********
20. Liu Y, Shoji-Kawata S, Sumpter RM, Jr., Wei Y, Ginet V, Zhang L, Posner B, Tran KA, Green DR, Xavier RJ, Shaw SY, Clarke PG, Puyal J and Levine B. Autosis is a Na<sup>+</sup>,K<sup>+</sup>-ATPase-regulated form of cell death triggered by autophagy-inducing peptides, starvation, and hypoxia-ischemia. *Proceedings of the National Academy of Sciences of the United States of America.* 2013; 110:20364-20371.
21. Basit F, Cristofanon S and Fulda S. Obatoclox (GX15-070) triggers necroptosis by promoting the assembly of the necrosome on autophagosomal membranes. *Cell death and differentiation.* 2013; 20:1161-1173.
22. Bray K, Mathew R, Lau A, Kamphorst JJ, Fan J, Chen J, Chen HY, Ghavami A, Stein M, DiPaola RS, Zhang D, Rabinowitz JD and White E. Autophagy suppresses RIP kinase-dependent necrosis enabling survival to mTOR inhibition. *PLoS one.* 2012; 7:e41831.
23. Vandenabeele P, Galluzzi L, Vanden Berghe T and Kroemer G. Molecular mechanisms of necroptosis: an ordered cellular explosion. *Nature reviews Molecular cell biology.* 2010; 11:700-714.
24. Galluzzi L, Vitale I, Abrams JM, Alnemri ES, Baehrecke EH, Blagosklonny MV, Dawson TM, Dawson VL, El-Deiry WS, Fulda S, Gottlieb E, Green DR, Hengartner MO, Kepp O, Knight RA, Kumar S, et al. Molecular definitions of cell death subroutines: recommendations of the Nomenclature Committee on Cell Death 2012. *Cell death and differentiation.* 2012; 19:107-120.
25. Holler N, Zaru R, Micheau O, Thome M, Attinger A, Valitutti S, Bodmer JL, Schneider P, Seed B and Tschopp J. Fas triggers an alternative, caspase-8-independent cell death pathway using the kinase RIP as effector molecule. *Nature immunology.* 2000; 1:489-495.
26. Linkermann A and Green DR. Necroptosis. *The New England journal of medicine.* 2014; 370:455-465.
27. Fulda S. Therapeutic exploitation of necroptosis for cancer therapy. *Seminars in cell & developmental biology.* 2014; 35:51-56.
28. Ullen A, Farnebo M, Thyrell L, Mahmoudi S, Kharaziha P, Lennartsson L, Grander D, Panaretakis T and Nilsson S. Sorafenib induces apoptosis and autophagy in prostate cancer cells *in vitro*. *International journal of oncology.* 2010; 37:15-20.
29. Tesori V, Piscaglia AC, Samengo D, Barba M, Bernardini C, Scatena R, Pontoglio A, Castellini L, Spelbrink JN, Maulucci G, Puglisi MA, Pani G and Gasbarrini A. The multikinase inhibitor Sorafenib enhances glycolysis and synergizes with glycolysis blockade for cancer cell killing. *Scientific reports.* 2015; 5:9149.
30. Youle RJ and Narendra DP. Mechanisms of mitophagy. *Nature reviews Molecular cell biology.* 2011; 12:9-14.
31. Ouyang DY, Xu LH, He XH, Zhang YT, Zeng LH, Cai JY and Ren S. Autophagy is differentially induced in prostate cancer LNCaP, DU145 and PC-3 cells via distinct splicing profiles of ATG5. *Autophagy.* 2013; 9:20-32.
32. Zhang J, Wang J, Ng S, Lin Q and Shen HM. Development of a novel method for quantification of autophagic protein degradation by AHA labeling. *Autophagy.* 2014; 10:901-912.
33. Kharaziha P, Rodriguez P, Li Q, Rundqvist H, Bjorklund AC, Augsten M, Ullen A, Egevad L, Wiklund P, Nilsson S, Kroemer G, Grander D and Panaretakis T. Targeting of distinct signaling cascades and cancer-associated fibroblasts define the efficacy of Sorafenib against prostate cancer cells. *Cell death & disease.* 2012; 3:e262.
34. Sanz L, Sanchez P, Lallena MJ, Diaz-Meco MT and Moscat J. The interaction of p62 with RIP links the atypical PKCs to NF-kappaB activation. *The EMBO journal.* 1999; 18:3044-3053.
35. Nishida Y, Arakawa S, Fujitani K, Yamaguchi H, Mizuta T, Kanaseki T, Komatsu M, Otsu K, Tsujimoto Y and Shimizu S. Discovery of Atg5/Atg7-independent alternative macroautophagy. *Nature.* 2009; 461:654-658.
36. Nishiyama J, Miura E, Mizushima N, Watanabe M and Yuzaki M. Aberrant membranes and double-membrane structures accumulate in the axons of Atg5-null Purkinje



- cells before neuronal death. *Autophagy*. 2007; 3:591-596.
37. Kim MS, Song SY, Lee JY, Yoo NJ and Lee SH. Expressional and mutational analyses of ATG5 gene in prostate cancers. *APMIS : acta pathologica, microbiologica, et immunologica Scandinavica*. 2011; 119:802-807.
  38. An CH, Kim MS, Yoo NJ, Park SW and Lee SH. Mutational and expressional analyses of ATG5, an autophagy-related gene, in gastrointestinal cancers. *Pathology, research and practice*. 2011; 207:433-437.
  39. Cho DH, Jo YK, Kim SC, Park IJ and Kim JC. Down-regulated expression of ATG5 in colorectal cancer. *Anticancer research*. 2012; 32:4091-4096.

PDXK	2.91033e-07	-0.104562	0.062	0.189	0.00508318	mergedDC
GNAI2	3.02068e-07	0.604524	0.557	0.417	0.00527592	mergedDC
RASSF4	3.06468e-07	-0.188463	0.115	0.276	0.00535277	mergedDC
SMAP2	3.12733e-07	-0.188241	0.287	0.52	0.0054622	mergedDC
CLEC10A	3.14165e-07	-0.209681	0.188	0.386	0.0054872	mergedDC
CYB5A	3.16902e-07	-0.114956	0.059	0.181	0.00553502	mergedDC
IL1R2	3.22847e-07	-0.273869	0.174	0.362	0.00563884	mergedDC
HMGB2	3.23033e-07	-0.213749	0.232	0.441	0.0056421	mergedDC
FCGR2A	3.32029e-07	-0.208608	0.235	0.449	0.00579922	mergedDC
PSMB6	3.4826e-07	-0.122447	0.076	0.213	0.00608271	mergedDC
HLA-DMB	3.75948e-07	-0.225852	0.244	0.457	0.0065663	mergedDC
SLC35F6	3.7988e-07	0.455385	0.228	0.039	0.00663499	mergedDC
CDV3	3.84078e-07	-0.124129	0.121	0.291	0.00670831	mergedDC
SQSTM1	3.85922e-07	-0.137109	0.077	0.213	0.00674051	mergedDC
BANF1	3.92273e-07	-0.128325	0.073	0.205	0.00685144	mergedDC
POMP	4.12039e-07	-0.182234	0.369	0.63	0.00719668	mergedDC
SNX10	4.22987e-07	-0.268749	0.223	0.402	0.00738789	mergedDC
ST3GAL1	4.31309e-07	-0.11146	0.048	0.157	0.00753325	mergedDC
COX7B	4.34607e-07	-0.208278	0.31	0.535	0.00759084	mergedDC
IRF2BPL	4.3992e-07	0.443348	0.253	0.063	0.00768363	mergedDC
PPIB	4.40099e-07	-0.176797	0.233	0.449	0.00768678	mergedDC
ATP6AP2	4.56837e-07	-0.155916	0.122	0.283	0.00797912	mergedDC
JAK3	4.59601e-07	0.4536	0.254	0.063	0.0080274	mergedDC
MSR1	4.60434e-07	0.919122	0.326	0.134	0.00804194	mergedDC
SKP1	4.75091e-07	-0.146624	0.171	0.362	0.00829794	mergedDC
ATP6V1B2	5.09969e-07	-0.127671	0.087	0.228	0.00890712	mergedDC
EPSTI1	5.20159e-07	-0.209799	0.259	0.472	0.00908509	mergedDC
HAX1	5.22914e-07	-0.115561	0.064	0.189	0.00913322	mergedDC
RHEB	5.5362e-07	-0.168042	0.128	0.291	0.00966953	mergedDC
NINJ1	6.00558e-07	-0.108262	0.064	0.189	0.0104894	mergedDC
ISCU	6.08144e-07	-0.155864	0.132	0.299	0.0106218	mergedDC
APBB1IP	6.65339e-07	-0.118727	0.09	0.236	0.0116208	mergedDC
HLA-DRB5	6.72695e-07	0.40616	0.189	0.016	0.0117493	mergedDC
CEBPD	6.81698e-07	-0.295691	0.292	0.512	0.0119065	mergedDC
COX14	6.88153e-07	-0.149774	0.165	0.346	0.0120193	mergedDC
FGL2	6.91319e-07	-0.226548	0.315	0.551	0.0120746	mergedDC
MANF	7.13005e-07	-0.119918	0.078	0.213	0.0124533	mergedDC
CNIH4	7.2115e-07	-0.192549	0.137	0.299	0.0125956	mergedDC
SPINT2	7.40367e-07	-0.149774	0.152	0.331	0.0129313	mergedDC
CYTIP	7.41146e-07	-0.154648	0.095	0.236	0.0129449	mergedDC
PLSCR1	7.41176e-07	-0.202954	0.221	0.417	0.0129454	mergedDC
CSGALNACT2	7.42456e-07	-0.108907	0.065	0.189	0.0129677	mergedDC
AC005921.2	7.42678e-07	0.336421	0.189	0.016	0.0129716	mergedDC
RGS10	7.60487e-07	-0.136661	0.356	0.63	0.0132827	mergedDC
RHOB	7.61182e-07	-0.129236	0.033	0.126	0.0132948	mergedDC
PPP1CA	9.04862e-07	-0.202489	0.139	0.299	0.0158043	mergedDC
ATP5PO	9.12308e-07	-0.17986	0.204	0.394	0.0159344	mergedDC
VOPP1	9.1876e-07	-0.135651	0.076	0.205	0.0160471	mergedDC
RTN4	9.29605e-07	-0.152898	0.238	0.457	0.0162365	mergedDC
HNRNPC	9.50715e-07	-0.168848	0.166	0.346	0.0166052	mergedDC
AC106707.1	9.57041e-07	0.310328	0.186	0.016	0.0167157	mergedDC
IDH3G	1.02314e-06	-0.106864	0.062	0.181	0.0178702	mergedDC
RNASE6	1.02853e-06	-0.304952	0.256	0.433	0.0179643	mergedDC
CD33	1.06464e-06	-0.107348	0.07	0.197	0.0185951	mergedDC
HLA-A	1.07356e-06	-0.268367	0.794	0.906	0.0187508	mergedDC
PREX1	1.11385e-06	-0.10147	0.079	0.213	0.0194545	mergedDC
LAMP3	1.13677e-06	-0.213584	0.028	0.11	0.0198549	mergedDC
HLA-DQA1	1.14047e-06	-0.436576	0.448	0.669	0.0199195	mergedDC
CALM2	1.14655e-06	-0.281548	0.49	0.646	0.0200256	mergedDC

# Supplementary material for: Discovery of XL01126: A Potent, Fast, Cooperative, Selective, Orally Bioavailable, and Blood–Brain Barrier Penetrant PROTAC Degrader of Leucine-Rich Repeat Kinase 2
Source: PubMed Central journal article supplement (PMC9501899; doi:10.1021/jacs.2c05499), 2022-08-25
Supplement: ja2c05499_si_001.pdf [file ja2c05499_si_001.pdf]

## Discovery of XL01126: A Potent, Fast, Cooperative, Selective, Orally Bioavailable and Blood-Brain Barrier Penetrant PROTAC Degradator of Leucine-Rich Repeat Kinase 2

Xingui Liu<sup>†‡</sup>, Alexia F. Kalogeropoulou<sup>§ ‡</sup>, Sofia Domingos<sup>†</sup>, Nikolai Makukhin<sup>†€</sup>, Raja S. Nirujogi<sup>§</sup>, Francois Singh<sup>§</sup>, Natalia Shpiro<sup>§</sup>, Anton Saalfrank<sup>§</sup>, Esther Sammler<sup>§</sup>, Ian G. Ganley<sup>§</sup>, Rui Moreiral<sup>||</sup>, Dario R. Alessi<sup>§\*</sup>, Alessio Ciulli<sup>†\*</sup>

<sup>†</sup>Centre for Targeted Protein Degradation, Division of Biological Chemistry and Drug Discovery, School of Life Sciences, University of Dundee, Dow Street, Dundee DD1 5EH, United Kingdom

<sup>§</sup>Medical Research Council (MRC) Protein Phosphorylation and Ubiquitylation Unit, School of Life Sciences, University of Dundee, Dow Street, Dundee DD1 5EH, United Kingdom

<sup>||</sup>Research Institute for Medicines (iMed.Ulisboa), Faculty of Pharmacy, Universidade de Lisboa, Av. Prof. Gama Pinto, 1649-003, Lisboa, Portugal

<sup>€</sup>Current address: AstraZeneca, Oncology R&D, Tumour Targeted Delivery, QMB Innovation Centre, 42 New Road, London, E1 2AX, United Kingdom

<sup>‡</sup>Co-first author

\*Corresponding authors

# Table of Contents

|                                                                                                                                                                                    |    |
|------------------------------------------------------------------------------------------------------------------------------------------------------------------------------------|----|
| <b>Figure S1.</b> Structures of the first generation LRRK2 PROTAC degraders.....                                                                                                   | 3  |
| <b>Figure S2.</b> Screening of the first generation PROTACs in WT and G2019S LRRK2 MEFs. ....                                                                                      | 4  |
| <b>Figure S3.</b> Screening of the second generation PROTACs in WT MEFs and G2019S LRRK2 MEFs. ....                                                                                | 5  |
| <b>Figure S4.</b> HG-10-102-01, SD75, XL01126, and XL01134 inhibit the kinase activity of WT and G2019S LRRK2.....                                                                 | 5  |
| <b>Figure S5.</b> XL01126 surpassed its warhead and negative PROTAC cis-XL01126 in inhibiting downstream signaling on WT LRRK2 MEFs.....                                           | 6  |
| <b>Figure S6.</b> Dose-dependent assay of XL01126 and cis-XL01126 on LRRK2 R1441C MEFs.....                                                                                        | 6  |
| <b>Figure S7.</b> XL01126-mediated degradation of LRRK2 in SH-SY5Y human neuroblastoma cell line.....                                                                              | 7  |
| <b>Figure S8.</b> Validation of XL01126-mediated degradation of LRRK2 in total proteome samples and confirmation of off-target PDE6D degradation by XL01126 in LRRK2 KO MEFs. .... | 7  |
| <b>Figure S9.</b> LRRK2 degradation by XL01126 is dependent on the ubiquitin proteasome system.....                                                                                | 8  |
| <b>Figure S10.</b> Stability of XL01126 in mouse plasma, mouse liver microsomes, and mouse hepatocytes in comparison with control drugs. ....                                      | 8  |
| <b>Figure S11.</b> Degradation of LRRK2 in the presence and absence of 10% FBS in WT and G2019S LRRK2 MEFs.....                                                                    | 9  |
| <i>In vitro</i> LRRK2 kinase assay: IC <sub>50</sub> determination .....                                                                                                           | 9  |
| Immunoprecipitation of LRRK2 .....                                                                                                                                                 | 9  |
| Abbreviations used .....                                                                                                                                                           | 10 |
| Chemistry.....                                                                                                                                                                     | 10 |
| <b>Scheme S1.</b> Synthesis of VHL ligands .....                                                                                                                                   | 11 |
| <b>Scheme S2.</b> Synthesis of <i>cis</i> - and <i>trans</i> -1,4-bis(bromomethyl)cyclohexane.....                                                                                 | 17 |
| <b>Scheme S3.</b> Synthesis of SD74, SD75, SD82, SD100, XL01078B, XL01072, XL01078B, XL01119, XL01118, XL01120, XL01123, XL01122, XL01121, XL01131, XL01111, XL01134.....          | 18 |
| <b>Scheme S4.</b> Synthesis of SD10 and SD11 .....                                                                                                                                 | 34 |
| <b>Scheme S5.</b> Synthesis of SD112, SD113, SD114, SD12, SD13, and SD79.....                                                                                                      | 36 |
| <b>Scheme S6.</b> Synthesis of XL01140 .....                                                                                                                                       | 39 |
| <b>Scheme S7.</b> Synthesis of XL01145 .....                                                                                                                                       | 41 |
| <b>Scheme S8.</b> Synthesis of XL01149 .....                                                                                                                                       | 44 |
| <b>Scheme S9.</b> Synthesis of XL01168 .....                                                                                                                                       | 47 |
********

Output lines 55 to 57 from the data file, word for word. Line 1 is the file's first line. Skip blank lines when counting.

CEBPD	6.81698e-07	-0.295691	0.292	0.512	0.0119065	mergedDC
COX14	6.88153e-07	-0.149774	0.165	0.346	0.0120193	mergedDC
FGL2	6.91319e-07	-0.226548	0.315	0.551	0.0120746	mergedDC